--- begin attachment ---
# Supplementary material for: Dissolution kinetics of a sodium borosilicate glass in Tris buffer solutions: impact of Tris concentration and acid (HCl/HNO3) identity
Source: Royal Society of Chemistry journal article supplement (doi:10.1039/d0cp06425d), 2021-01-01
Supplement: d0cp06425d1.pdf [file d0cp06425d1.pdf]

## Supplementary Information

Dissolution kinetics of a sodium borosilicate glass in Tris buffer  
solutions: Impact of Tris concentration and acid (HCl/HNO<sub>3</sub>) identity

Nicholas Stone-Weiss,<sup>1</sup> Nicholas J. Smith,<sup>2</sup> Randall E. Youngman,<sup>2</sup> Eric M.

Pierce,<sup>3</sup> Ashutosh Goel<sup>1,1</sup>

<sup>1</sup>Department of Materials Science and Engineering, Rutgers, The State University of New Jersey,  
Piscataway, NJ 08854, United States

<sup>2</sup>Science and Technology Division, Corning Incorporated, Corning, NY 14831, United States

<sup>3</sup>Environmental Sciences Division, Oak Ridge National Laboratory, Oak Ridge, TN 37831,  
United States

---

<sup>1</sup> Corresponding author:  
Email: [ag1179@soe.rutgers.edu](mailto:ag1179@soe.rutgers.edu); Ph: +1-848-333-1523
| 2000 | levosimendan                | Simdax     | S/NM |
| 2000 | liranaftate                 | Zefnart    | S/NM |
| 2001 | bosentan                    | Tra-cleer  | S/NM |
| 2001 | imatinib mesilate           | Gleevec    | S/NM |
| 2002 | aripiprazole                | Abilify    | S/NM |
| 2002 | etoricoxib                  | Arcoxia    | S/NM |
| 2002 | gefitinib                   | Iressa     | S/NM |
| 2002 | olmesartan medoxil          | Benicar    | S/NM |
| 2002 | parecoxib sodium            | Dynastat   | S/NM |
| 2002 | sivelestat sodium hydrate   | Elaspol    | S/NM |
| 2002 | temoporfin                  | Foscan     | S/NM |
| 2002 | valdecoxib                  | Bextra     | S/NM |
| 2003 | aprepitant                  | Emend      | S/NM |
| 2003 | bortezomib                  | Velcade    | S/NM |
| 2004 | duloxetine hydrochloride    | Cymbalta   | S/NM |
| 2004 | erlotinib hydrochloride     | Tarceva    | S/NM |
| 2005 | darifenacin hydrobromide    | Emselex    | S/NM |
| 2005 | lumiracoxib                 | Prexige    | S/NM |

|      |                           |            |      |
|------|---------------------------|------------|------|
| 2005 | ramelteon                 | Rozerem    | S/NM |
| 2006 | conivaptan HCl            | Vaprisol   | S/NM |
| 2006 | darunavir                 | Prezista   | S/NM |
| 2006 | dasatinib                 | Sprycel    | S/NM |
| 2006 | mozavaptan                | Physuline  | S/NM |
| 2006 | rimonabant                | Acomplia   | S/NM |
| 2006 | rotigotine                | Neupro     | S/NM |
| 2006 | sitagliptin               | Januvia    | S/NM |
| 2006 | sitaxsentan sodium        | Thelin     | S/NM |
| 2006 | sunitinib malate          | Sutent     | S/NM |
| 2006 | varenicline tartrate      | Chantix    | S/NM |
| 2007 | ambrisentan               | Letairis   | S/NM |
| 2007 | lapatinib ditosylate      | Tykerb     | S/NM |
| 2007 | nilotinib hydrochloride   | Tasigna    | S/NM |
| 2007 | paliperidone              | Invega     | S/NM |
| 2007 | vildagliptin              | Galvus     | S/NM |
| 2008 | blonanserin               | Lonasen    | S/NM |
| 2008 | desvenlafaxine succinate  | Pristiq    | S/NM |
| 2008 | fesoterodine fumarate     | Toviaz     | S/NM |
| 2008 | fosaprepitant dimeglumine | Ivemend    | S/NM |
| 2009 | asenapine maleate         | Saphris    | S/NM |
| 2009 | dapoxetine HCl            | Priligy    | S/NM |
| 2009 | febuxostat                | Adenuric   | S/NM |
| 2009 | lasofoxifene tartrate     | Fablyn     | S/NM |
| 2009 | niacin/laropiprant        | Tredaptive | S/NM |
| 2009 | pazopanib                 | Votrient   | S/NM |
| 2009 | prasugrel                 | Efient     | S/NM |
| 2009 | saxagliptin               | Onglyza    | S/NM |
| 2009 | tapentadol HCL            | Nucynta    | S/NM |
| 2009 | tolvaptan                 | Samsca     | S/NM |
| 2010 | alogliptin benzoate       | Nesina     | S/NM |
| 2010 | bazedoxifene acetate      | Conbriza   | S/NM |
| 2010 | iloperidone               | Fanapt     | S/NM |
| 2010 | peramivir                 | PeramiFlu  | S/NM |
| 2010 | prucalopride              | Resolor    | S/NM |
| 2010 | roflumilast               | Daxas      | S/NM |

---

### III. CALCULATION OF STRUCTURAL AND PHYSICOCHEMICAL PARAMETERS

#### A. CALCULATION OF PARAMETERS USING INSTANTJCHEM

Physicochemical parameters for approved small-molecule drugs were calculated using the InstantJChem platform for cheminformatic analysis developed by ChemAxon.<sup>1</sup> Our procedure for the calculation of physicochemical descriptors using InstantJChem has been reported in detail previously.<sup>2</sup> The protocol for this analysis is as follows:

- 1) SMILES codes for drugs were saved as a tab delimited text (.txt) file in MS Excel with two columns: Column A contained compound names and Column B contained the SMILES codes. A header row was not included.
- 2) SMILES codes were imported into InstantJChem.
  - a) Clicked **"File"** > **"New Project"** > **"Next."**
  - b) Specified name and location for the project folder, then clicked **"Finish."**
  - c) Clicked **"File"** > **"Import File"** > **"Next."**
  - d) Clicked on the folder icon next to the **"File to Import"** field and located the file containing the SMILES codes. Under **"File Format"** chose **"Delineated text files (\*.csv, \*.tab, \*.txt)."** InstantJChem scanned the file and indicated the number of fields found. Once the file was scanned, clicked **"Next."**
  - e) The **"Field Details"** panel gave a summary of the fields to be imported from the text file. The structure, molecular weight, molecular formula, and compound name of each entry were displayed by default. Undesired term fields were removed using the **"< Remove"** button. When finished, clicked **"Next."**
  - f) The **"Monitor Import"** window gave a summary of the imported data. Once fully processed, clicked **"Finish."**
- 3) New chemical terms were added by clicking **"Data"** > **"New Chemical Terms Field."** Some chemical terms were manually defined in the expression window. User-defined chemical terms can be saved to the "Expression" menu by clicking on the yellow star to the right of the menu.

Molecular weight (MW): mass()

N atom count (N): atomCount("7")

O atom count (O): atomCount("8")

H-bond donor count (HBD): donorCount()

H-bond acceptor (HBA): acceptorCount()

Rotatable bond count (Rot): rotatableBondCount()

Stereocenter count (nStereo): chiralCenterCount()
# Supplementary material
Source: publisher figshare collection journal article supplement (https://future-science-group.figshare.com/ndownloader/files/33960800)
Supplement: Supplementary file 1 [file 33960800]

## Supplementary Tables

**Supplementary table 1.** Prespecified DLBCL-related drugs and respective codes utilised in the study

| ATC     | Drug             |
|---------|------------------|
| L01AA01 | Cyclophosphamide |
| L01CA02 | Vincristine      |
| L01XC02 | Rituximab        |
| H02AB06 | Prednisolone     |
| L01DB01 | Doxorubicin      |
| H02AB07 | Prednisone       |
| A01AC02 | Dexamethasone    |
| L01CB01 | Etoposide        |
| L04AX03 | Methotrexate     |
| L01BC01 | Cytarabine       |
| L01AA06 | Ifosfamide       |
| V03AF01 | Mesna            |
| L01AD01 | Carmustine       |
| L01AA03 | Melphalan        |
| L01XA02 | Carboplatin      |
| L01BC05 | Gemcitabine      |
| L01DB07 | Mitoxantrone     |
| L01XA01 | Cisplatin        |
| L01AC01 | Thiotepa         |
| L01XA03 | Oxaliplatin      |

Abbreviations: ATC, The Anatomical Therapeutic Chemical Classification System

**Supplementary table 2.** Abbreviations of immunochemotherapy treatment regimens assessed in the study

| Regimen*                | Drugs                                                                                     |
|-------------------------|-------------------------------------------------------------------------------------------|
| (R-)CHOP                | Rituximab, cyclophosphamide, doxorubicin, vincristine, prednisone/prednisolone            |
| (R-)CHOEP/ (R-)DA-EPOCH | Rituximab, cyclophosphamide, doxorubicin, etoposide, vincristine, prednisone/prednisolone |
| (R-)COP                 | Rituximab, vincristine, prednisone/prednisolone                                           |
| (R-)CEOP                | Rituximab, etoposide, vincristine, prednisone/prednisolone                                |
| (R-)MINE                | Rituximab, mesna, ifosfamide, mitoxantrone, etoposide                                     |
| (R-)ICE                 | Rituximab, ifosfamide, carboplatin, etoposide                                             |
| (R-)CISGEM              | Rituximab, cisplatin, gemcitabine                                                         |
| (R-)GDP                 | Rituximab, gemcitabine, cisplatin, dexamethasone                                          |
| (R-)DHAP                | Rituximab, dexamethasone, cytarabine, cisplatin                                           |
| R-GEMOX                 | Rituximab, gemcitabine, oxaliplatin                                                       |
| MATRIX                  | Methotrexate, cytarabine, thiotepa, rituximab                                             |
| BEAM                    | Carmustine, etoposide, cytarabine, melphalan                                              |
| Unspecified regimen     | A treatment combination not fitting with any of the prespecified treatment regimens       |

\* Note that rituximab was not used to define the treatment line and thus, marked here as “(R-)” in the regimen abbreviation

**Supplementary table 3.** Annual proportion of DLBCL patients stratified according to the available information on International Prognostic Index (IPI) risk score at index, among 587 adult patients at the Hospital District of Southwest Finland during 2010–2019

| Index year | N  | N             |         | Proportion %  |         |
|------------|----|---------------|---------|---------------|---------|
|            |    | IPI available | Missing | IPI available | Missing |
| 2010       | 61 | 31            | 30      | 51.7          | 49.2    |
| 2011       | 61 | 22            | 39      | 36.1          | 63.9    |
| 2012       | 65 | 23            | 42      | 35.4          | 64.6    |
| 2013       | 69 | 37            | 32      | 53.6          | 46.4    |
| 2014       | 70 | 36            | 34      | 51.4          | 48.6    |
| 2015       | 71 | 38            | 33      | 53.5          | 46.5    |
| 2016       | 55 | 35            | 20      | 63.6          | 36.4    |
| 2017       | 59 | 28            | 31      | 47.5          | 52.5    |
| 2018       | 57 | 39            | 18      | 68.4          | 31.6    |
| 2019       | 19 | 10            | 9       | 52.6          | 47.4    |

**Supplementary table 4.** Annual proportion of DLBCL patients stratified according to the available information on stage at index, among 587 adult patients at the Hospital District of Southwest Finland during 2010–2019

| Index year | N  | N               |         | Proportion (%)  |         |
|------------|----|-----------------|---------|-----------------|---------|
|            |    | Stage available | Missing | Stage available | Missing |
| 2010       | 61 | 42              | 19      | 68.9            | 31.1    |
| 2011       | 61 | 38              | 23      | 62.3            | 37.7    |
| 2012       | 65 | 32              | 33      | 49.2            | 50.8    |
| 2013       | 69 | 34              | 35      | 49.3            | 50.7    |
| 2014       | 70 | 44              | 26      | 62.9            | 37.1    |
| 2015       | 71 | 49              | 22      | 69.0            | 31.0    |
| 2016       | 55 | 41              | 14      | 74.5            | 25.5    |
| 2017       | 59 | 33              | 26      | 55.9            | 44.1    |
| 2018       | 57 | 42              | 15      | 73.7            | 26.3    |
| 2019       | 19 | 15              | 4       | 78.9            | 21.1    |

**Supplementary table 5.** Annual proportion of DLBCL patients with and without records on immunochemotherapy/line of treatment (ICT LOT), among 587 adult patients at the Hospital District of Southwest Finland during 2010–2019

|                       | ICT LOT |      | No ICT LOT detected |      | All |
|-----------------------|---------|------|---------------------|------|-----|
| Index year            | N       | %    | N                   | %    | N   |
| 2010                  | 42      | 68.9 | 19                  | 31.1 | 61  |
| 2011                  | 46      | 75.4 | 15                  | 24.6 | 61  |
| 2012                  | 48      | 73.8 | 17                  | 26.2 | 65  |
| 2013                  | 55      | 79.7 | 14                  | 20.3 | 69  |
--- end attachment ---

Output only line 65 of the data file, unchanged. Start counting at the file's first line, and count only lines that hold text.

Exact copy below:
| 2009 | tapentadol HCL            | Nucynta    | S/NM |